How to Diagnose Timing Chain Noisesby Chris Stevenson
The timing chain in an engine performs a very important function: it links the crankshaft and camshaft. Nylon gears and timing belts perform the same function on some makes and models. The intake and exhaust valves open and close in respect to the rotation of the crankshaft, which controls the strokes of the piston for firing. If the two become misaligned or the connection breaks as the result of a bad timing chain, the engine fails to run properly or won't run at all. The timing chain can make a variety of noises, and most often other parts of the engine are blamed for timing chain noise.
Place the vehicle in park or neutral and set the emergency brake. Raise the hood. Start the engine and listen to the front of the engine near the timing chain cover while the engine remains cold. A bad timing chain will often emit a rattling sound for a few minutes before the engine warms up, and then will lower in intensity or dissipate altogether after it warms up.
With the engine warm and idling, place the blade of a slot screwdriver with a very long-handled shank against the uppermost portion of the timing chain cover. Be extremely careful; you do not want the screwdriver to come in contact with any moving part, like a spinning belt or a fan blade. Also, tuck your hair back. Place your ear over the handle end of the screwdriver.
Listen for a metallic sound that resembles a rattling or scrapping noise. The sound can be intermittent or constant, but it will be a metal to metal contact. Such a noise will reveal a loose timing chain hitting the inside of the timing chain cover every time it rotates. You might also hear a metallic slapping noise. Don an automotive stethoscope and place the probe on the top or side of the timing chain cover. If you hear a rattle, metal to metal slapping or scraping coming from inside the cover, it indicates a timing chain noise.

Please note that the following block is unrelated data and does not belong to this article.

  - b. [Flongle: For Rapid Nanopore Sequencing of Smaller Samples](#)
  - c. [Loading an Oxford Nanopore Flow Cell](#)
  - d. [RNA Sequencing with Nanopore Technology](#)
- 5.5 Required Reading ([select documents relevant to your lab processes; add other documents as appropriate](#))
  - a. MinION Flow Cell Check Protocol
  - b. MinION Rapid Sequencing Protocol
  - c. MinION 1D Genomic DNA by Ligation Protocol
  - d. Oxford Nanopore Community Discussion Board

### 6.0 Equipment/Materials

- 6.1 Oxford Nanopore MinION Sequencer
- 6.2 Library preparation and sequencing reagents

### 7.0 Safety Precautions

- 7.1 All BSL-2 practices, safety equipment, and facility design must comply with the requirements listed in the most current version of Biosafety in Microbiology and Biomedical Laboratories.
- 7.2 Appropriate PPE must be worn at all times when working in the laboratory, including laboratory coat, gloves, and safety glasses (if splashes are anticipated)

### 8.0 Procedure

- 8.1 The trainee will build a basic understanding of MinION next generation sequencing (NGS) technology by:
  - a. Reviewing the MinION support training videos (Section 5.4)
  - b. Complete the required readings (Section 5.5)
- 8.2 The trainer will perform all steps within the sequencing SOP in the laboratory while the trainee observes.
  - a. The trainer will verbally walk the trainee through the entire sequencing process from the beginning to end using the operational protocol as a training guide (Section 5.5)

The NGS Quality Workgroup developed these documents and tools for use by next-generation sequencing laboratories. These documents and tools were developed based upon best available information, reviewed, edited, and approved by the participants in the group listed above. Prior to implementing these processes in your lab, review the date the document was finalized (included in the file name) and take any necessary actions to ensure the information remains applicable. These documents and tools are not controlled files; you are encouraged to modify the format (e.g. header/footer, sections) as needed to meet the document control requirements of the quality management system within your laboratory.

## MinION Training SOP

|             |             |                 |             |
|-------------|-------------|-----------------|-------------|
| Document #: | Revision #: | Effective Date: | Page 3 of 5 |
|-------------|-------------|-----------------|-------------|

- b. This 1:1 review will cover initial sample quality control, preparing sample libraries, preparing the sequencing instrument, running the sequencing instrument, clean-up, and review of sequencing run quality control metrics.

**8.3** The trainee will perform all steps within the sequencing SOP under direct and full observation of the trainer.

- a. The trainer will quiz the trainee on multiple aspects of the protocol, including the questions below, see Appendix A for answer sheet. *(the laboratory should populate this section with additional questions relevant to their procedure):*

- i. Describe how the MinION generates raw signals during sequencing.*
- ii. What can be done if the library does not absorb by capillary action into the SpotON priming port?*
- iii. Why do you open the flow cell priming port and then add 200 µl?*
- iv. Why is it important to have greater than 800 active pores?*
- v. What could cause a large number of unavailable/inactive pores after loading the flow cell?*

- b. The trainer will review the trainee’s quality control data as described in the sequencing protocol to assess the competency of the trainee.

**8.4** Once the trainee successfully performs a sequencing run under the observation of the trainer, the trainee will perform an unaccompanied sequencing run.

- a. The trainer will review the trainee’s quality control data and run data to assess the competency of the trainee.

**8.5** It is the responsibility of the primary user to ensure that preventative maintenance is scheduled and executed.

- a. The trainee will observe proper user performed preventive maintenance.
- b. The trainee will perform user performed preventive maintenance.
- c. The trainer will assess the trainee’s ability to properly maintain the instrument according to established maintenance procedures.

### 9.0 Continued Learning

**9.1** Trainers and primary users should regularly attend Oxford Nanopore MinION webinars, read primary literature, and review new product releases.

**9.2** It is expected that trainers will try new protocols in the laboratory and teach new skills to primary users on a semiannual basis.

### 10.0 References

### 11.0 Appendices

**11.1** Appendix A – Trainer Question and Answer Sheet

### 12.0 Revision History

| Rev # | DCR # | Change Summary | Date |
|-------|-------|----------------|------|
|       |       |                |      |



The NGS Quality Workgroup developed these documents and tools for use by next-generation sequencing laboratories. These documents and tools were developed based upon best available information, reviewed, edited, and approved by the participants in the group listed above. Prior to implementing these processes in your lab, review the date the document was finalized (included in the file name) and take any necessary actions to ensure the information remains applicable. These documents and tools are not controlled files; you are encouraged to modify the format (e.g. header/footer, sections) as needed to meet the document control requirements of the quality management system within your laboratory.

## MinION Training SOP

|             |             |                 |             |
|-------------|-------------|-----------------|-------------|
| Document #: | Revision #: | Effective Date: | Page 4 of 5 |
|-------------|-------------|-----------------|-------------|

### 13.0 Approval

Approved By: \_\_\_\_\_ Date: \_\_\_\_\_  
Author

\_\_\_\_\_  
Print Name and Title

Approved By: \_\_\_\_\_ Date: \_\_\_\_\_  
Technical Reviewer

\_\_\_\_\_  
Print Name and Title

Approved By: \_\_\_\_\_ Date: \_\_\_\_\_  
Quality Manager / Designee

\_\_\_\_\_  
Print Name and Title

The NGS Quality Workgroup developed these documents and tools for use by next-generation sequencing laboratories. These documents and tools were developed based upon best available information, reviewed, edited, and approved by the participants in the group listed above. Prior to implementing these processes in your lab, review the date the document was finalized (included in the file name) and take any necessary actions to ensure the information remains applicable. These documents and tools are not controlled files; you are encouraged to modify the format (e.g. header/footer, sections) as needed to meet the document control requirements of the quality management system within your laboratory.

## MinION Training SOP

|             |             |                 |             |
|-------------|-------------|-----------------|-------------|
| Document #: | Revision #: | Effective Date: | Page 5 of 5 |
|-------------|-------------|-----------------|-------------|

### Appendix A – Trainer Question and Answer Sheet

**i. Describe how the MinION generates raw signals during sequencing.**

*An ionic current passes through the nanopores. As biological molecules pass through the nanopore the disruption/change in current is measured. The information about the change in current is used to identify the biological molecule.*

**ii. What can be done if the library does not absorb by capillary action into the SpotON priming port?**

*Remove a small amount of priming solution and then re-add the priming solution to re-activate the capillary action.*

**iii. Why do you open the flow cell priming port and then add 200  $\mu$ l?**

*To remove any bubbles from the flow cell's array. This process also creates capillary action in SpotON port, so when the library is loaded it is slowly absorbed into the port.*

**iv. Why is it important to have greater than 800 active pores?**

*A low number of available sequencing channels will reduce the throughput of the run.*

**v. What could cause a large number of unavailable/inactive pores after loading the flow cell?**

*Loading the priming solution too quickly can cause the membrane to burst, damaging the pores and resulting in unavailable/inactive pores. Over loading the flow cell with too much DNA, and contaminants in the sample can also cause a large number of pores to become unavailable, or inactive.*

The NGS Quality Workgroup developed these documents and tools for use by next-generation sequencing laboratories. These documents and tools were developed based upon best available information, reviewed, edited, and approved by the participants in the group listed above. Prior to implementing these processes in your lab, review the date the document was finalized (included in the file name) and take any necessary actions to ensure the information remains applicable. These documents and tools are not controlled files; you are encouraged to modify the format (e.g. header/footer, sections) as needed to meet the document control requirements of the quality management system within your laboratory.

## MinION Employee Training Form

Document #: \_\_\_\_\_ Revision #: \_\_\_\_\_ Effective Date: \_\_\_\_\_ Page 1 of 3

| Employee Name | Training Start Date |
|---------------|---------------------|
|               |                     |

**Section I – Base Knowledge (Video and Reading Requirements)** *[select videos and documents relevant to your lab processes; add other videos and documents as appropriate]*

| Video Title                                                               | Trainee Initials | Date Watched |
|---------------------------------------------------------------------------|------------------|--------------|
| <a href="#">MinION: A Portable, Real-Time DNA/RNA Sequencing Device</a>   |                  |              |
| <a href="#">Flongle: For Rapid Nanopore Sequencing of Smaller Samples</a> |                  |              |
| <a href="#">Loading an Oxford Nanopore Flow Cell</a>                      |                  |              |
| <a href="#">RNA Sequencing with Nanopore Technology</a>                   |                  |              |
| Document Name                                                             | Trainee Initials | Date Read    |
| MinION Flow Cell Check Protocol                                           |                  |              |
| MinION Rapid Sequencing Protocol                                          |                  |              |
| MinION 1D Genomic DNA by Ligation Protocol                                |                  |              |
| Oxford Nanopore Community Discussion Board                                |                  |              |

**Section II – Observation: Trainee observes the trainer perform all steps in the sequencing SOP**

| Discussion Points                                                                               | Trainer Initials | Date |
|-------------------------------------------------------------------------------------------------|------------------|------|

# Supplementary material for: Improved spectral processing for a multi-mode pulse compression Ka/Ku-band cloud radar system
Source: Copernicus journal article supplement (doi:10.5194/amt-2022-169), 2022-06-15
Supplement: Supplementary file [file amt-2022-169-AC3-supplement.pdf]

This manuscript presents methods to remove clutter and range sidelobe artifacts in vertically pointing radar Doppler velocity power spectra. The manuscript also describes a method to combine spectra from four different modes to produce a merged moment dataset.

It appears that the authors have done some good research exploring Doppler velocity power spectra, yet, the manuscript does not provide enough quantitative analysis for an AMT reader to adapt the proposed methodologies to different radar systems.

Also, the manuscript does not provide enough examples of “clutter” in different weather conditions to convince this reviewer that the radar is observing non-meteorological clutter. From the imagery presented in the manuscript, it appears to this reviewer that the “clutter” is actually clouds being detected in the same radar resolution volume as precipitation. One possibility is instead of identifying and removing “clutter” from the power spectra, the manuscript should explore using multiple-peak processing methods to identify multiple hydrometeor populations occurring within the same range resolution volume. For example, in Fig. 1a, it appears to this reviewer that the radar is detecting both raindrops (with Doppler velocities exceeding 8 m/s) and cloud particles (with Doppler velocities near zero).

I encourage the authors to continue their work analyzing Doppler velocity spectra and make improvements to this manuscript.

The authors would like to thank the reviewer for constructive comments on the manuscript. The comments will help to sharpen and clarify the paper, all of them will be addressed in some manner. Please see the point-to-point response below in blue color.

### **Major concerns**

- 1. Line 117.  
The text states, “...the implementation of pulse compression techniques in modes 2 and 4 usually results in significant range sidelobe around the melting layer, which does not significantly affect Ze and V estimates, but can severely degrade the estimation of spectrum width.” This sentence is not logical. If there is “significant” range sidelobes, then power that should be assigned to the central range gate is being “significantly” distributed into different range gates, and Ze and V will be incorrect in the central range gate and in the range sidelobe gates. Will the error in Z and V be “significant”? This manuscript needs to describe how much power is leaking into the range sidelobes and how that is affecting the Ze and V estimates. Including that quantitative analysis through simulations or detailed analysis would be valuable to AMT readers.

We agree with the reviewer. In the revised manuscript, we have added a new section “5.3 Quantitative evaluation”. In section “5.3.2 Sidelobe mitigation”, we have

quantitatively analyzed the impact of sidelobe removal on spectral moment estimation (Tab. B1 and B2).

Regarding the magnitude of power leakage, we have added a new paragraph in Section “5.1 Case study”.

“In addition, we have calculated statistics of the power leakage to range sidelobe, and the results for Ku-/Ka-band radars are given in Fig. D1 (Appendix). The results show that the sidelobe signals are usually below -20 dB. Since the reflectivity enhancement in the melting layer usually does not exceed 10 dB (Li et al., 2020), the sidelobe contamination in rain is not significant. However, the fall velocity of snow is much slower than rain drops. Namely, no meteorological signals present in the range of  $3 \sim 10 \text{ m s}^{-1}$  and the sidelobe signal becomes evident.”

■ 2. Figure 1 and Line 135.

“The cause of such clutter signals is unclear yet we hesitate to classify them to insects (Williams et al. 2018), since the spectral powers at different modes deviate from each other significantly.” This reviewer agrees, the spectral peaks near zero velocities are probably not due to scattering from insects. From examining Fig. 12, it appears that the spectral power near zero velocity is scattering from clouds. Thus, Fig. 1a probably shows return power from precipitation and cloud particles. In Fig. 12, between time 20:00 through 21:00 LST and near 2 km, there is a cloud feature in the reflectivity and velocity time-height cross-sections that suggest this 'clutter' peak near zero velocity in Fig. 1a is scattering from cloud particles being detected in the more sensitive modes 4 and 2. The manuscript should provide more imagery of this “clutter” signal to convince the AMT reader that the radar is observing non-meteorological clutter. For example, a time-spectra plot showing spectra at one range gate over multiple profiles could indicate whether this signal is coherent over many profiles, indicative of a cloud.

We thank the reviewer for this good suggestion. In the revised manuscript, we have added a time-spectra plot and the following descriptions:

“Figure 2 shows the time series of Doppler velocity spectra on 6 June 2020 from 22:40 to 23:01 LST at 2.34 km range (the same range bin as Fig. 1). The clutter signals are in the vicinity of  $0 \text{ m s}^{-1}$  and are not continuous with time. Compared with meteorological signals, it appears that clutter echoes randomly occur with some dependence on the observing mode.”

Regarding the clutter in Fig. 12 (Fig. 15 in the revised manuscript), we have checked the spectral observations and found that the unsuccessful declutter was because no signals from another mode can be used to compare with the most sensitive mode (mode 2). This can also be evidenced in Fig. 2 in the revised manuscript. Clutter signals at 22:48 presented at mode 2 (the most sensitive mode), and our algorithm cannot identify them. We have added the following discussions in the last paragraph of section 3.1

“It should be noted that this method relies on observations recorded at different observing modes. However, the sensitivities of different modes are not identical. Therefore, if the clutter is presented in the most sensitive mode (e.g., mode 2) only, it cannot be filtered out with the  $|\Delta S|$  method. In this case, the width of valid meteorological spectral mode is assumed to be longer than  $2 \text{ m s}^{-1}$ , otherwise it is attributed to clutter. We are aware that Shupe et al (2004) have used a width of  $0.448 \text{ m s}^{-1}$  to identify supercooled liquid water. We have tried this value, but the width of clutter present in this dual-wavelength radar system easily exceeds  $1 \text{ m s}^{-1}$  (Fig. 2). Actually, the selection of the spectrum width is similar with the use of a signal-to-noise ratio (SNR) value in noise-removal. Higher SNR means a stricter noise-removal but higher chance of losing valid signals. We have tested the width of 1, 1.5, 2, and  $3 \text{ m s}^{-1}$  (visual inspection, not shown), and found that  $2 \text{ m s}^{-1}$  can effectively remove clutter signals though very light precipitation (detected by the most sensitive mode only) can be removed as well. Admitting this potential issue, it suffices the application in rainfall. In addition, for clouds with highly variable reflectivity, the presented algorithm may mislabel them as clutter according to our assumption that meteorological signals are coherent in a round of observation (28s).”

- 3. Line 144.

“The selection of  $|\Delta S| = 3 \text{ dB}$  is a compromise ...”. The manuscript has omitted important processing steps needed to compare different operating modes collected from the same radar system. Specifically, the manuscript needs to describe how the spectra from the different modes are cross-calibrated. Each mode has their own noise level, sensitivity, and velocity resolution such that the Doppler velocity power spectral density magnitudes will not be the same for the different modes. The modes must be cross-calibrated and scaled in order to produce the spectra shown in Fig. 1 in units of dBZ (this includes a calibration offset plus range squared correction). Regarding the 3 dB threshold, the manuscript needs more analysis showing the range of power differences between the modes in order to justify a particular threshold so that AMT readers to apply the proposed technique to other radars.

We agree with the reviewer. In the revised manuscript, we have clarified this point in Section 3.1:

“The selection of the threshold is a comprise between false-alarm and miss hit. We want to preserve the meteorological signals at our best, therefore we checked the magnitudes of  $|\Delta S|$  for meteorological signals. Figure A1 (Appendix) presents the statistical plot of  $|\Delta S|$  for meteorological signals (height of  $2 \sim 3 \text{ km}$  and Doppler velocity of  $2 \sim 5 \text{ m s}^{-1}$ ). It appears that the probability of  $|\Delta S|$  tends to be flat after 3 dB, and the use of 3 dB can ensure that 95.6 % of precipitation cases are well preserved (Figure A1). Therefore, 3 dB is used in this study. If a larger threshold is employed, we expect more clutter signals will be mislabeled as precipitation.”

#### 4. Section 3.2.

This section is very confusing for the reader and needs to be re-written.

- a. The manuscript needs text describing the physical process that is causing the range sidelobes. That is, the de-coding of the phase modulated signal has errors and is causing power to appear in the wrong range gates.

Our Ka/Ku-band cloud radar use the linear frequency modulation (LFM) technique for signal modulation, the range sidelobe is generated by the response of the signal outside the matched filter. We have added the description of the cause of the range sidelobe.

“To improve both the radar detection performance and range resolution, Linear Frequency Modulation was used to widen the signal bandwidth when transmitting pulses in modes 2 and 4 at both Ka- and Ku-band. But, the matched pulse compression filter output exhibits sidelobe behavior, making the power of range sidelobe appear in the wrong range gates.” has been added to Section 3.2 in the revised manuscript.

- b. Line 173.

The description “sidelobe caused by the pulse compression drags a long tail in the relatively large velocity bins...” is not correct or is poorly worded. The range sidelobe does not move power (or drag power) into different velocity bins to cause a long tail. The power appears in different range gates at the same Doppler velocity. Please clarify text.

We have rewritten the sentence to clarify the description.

Don the stethoscope and place the probe on the front of the valve cover, if you have a four-cylinder engine. Listen to the action of the rocker arm tappets. If they seem loud, move the stethoscope further down the valve cover and listen again. Move a few inches at a time. Listen for noisy lifters. If all the lifters sound noisy, it means that the timing chain has too much slack in it. This can work for V6 and V8 engines. Move the stethoscope slowly over both valve covers. If all the rocker arms seem noisy, it points to a stretched timing chain.
Determine if your vehicle has a single serpentine belt or individual belts running the separate components. Shut the engine off. For the serpentine belt configuration, refer to your owner's repair manual for the correct routing of the belt, or use the diagram on the top of the fan shroud.
Use a socket and breaker bar to attach to the center bolt on the belt tensioner pulley. Turn it clockwise to unload the belt tension and then slip the belt off the pulley. Start the engine. Use the stethoscope to listen for noise at the timing chain cover. If you hear rattling or scraping noises, it will certainly be a bad timing chain, since you have eliminated the operation of the other likely components.
Use a socket and wrench to loosen the adjusting bolts on all the belt-driven components, if you have multiple belts. This includes the water pump, air conditioning compressor, alternator, fan pulley, power steering pump and smog pump. Remember the placement of the belts. Once the belts have been removed, start the engine.
Place the probe of the stethoscope on the top or side of the timing chain cover. If you hear a rattling or scraping sound, with no other noise being emitted from the engine, it indicates a bad timing chain. Do not run the engine excessively long with the belts off.
Things You'll Need
- Owner's repair manual
- Screwdriver (long shank)
- Socket set and wrench
- Breaker bar
Chris Stevenson has been writing since 1988. His automotive vocation has spanned more than 35 years and he authored the auto repair manual "Auto Repair Shams and Scams" in 1990. Stevenson holds a P.D.S Toyota certificate, ASE brake certification, Clean Air Act certification and a California smog license.